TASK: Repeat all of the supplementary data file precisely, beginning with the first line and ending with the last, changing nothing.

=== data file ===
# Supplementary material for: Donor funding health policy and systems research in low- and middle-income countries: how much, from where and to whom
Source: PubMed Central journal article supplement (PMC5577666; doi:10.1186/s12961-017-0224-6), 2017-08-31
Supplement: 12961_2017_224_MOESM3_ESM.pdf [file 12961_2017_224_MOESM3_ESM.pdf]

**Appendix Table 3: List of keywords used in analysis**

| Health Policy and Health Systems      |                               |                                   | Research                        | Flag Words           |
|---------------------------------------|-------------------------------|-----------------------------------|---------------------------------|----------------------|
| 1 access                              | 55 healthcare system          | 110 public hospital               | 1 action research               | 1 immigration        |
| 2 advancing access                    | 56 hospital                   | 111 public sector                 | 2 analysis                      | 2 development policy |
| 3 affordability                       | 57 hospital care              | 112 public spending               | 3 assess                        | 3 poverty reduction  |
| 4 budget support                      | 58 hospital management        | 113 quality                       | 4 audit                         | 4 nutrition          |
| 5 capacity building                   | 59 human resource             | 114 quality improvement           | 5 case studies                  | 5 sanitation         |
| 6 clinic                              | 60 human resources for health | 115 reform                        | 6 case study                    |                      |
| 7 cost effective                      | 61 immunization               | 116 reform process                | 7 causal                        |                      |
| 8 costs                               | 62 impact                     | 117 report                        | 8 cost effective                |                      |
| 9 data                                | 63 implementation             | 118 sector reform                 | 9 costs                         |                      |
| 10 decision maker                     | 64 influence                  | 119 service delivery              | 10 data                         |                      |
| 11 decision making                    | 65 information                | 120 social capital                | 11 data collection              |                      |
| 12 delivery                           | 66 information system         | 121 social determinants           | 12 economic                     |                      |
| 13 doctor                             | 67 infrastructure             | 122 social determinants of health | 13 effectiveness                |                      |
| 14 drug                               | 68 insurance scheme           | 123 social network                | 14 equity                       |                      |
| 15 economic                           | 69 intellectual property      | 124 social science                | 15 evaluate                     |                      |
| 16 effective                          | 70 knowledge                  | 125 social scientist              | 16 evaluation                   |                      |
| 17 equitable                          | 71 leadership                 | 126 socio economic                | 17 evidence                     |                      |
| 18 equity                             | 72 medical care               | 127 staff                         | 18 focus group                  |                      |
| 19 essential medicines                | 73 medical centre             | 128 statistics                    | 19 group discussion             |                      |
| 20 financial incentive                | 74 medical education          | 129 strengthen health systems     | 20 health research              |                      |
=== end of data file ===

# Supplementary material for: Donor funding health policy and systems research in low- and middle-income countries: how much, from where and to whom
Source: PubMed Central journal article supplement (PMC5577666; doi:10.1186/s12961-017-0224-6), 2017-08-31
Supplement: 12961_2017_224_MOESM3_ESM.pdf [file 12961_2017_224_MOESM3_ESM.pdf]

**Appendix Table 3: List of keywords used in analysis**

| Health Policy and Health Systems      |                               |                                   | Research                        | Flag Words           |
|---------------------------------------|-------------------------------|-----------------------------------|---------------------------------|----------------------|
| 1 access                              | 55 healthcare system          | 110 public hospital               | 1 action research               | 1 immigration        |
| 2 advancing access                    | 56 hospital                   | 111 public sector                 | 2 analysis                      | 2 development policy |
| 3 affordability                       | 57 hospital care              | 112 public spending               | 3 assess                        | 3 poverty reduction  |
| 4 budget support                      | 58 hospital management        | 113 quality                       | 4 audit                         | 4 nutrition          |
| 5 capacity building                   | 59 human resource             | 114 quality improvement           | 5 case studies                  | 5 sanitation         |
| 6 clinic                              | 60 human resources for health | 115 reform                        | 6 case study                    |                      |
| 7 cost effective                      | 61 immunization               | 116 reform process                | 7 causal                        |                      |
| 8 costs                               | 62 impact                     | 117 report                        | 8 cost effective                |                      |
| 9 data                                | 63 implementation             | 118 sector reform                 | 9 costs                         |                      |
| 10 decision maker                     | 64 influence                  | 119 service delivery              | 10 data                         |                      |
| 11 decision making                    | 65 information                | 120 social capital                | 11 data collection              |                      |
| 12 delivery                           | 66 information system         | 121 social determinants           | 12 economic                     |                      |
| 13 doctor                             | 67 infrastructure             | 122 social determinants of health | 13 effectiveness                |                      |
| 14 drug                               | 68 insurance scheme           | 123 social network                | 14 equity                       |                      |
| 15 economic                           | 69 intellectual property      | 124 social science                | 15 evaluate                     |                      |
| 16 effective                          | 70 knowledge                  | 125 social scientist              | 16 evaluation                   |                      |
| 17 equitable                          | 71 leadership                 | 126 socio economic                | 17 evidence                     |                      |
| 18 equity                             | 72 medical care               | 127 staff                         | 18 focus group                  |                      |
| 19 essential medicines                | 73 medical centre             | 128 statistics                    | 19 group discussion             |                      |
| 20 financial incentive                | 74 medical education          | 129 strengthen health systems     | 20 health research              |                      |